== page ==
WASHINGTON — For the past 30 years, fractured fairy tales have captured our zeitgeist with postmodern magic, be it the children’s storybook “The True Story of the Three Little Pigs” (1989), the animated flick “Shrek” (2001), the Broadway smash “Wicked” (2003) or ABC’s popular TV series “Once Upon a Time” (2011).
But it all started with the 1987 Broadway musical “Into the Woods,” which garnered 10 Tony nominations and won three, including Best Original Score (Stephen Sondheim), Best Book of a Musical (James Lapine) and Best Leading Actress in a Musical (Joanna Gleason) — a fantastic feat considering it was competing against Andrew Lloyd Webber’s iconic “The Phantom of the Opera.”
“Everyone knows these stories, these characters and what they symbolize, so we all can easily relate to them,” actress Eleasha Gamble told WTOP. “We see them dealing with things we deal with in life. So what better way than taking these stories we all know so well and making us apply it to … the struggles we all go through day to day? Here’s these fairy tales where we think, ‘Well, their lives are perfect. They got everything they wanted,’ but they still have the same issues that we go through.”
Written by Sondheim and Lapine, the plot interweaves famous Brothers Grimm and Charles Perrault fairy tales, including Little Red Riding Hood, Jack and the Beanstalk, Cinderella and Rapunzel, as well as the original story of a Baker and his Wife trying to reverse a family curse in order to have a child.
“In this fictional kingdom, they all happen to cohabitate together,” Gamble said. “Then the Second Act tells you what happens after everyone gets what they want. What happens after ‘happily ever after.'”
Born at Washington Hospital Center and raised in Takoma Park, Maryland, Gamble went to Good Counsel High School before attending Catholic University where she discovered “Into the Woods.”
“We had a music library there and they used to have laserdiscs — [remember those?] — I remember I used to borrow it and take it to the library and just watch it; it’s so gorgeous,” Gamble said. “Then I did a production of it in college. I was The Witch. And then a few years later I did it at Signature Theatre, opening their new space … playing The Witch there as well. So I’ve had a nice little history with it.”
Now, she returns to D.C. from New York, switching roles from The Witch to The Baker’s Wife.
“It is a change, but it’s nice to discover another strong female in this show,” Gamble said. “When we first meet her, she’s The Baker’s Wife. We don’t know if her name is Joan or Jill. … What we discover about her as they go into the woods [is] that she’s incredibly smart and quick and thinks on her feet. … She’s kind of a woman out of her time. If she wasn’t set in the time period, she would probably be running a company. … How smart and driven, but also how much she loves her husband and family.”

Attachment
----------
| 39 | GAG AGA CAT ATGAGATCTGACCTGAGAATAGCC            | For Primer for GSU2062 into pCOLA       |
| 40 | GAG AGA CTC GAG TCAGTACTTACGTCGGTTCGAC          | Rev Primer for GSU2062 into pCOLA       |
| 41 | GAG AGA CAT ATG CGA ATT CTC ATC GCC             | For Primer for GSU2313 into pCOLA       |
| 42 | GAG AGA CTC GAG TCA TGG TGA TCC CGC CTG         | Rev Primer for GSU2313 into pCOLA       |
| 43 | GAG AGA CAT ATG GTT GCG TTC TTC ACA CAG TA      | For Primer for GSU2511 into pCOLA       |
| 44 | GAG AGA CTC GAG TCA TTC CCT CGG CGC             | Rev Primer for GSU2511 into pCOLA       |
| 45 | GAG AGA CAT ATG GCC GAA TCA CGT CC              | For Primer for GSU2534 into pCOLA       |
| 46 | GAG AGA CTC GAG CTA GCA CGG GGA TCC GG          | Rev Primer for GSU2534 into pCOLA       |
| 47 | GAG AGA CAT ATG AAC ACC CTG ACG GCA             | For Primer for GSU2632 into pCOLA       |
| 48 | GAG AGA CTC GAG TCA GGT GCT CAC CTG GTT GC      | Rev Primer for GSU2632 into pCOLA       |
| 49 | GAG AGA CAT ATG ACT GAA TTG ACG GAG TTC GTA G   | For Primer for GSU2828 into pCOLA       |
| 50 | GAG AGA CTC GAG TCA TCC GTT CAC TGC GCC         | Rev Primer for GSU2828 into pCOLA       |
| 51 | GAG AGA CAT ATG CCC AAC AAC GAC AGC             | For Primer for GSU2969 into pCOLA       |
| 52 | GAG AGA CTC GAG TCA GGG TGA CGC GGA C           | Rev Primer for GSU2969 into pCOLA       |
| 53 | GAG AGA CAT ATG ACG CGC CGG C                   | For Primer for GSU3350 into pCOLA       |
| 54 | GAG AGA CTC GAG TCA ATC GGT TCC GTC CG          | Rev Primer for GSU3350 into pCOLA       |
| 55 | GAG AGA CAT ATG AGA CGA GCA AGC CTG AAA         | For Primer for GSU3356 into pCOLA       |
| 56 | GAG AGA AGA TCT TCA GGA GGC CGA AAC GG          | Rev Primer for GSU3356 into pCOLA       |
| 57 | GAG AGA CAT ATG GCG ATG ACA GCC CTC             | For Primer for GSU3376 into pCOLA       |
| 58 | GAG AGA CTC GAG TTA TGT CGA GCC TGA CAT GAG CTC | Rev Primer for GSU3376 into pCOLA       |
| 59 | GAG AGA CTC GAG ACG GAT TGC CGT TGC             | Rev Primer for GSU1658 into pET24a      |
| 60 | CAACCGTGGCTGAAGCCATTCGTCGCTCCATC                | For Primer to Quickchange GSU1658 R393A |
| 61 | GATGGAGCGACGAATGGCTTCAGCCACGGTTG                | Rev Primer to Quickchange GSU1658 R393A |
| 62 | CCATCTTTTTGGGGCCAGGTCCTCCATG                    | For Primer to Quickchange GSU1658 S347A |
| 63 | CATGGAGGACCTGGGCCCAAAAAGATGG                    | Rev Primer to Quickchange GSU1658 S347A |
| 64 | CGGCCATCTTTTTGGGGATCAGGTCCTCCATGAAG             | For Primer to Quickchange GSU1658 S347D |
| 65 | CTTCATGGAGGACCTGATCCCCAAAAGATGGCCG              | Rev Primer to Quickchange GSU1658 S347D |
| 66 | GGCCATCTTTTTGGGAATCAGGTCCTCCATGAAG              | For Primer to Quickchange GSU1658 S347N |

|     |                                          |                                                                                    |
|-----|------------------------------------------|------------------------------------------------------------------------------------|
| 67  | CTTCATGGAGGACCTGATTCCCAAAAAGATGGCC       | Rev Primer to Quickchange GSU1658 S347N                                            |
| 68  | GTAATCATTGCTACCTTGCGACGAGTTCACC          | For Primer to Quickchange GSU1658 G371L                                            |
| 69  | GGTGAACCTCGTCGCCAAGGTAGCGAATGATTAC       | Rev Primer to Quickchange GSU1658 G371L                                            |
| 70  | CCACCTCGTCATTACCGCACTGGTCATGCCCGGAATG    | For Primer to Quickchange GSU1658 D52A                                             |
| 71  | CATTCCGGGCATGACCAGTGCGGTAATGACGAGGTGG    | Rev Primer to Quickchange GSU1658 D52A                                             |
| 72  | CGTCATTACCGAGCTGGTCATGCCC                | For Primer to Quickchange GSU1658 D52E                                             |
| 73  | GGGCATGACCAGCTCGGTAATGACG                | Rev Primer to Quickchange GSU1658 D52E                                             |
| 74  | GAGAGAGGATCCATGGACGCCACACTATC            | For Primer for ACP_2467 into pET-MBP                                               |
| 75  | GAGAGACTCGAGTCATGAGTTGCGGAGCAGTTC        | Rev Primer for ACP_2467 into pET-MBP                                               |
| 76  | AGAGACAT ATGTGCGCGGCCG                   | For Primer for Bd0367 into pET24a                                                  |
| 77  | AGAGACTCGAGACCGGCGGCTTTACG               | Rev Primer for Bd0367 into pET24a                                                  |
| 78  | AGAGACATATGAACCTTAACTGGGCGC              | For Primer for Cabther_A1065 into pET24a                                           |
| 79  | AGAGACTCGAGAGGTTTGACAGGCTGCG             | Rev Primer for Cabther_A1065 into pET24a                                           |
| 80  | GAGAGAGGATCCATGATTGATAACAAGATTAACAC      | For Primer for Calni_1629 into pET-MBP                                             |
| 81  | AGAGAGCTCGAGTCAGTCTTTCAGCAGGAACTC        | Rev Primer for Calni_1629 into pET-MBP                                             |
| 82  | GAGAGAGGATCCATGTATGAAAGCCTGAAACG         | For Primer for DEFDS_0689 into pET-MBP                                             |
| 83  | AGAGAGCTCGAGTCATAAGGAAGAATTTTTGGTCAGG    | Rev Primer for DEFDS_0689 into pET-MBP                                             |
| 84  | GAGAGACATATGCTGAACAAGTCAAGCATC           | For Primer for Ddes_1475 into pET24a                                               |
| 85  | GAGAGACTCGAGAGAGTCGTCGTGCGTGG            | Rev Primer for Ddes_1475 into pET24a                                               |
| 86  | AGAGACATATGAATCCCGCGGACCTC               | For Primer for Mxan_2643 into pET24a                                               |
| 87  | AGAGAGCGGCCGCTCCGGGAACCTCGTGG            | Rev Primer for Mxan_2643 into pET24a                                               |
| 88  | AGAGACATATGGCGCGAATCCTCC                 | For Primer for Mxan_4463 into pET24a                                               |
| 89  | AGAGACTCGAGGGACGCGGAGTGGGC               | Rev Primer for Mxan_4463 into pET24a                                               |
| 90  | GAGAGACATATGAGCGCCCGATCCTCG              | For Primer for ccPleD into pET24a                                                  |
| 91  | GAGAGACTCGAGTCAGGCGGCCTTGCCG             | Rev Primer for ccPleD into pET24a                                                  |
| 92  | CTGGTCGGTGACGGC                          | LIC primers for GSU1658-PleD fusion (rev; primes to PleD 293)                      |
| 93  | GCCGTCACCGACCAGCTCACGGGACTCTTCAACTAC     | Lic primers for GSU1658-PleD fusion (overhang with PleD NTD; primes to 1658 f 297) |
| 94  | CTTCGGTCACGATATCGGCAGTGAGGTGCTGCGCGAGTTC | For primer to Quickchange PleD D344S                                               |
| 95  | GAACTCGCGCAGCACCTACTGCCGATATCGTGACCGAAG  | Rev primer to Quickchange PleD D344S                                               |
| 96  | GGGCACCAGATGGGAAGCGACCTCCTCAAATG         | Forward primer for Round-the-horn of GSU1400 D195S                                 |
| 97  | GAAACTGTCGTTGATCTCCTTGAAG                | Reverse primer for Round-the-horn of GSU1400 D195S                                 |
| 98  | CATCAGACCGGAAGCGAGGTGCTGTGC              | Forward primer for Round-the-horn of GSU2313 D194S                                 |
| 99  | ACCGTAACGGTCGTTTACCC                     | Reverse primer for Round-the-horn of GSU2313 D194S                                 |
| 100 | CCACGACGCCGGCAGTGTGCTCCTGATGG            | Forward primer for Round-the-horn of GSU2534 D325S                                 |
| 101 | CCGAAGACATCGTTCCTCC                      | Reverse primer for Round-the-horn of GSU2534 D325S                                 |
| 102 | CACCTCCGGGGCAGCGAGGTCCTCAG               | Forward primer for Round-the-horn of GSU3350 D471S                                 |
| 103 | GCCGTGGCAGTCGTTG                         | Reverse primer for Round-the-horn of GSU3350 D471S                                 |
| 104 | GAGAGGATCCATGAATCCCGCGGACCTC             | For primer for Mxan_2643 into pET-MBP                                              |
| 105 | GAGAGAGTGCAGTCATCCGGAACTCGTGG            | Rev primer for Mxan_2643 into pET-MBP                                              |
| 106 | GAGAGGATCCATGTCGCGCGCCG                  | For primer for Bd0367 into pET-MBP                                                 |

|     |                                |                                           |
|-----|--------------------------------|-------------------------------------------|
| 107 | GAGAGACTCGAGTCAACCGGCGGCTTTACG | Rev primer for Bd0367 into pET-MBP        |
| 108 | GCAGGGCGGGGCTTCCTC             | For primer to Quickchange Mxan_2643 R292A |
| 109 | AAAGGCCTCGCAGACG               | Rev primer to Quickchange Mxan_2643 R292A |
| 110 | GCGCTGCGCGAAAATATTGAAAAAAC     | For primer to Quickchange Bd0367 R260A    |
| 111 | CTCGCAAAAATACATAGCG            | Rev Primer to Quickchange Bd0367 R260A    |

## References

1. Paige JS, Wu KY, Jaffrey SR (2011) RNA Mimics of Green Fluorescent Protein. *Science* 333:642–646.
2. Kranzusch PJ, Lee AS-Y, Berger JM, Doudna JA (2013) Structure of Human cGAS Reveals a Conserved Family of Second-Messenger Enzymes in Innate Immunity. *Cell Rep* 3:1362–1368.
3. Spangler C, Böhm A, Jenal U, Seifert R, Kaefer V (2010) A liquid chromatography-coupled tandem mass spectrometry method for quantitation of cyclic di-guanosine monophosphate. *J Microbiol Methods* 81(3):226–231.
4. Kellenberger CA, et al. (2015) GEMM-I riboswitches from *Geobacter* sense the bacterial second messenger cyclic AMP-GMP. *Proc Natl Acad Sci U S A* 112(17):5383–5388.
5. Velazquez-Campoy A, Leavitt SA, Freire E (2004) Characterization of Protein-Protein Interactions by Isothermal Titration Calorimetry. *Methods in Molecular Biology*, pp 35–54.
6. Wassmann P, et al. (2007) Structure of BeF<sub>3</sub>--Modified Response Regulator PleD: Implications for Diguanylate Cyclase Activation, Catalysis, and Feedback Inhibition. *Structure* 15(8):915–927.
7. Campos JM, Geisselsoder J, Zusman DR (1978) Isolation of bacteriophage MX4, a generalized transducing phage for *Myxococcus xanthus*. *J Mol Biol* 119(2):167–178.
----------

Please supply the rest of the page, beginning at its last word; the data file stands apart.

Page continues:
The role earned Emily Blunt a Golden Globe nomination in the 2014 movie starring Anna Kendrick, James Corden and Meryl Streep. But if you saw the film, expect a more stripped-down version here.
“This version is very different from most productions,” Gamble said. “We have basically broken it down. Typically, this has a nice robust company. There’s only 11 of us on stage. But what’s wonderful about it is it really makes the audience use their imagination. We take you on the journey with us.”
This stripped-down approach applies not only to the cast but also the visuals.
“It’s a really cool set, but everything is right there to see,” Gamble said. “It’s very minimalistic in that regard. … We don’t paint everything for you. There’s not displays [nor] special effects. It’s all practical where you can see what’s happening. … We go for the truth of what’s actually going on with these people. It’s not just, ‘Here’s the fairy tale and it’s a nice bow!’ There’s nothing superficial about it.”
No matter the visual presentation, the fantastic music elevates it to the rafters, including hit numbers like “Giants in the Sky,” “On the Steps of the Palace,” “It Takes Two” and “Moments in the Woods.”
“What’s great about this production is that we play the instruments,” Gamble said. “There is no orchestra. It’s us playing on stage. … It’s really great because we get to support each other during our different numbers. … When you’re not on stage, you get to sit back and play for someone else.”
One of the most important numbers is “Children Will Listen” with a take-away message for parents.
“It’s so poignant,” Gamble said. “It’s a great reminder as adults: What are we telling our children? What are we teaching our children? As it says, they’ll listen and sometimes depending on what we say, it could turn back on us. So you just have to be really attentive to what we say to children.”
In this way, the show means different things to different viewers at different stages of life.
“Every time you see it, you pull something else,” Gamble said. “It hits you at weird different points in your life. One time you watch it, this specific storyline might trigger things in your head and heart, and the next time you see it you go, ‘Oh! I never followed that! That never touched me before!’ It’s just a blossom that keeps [blooming], there’s new things to discover as you keep pulling leaves away.”
The show is recommended for ages 8 and up.
“It’s great for the family, it’ll pique your interest in music theater,” Gamble said. “It’s just a great show full of great music, great acting and a wonderful story for all ages. Come on out! We’d love to see ya.”
Click here for ticket info. Listen to the full conversation with “Into the Woods” star Eleasha Gamble below:
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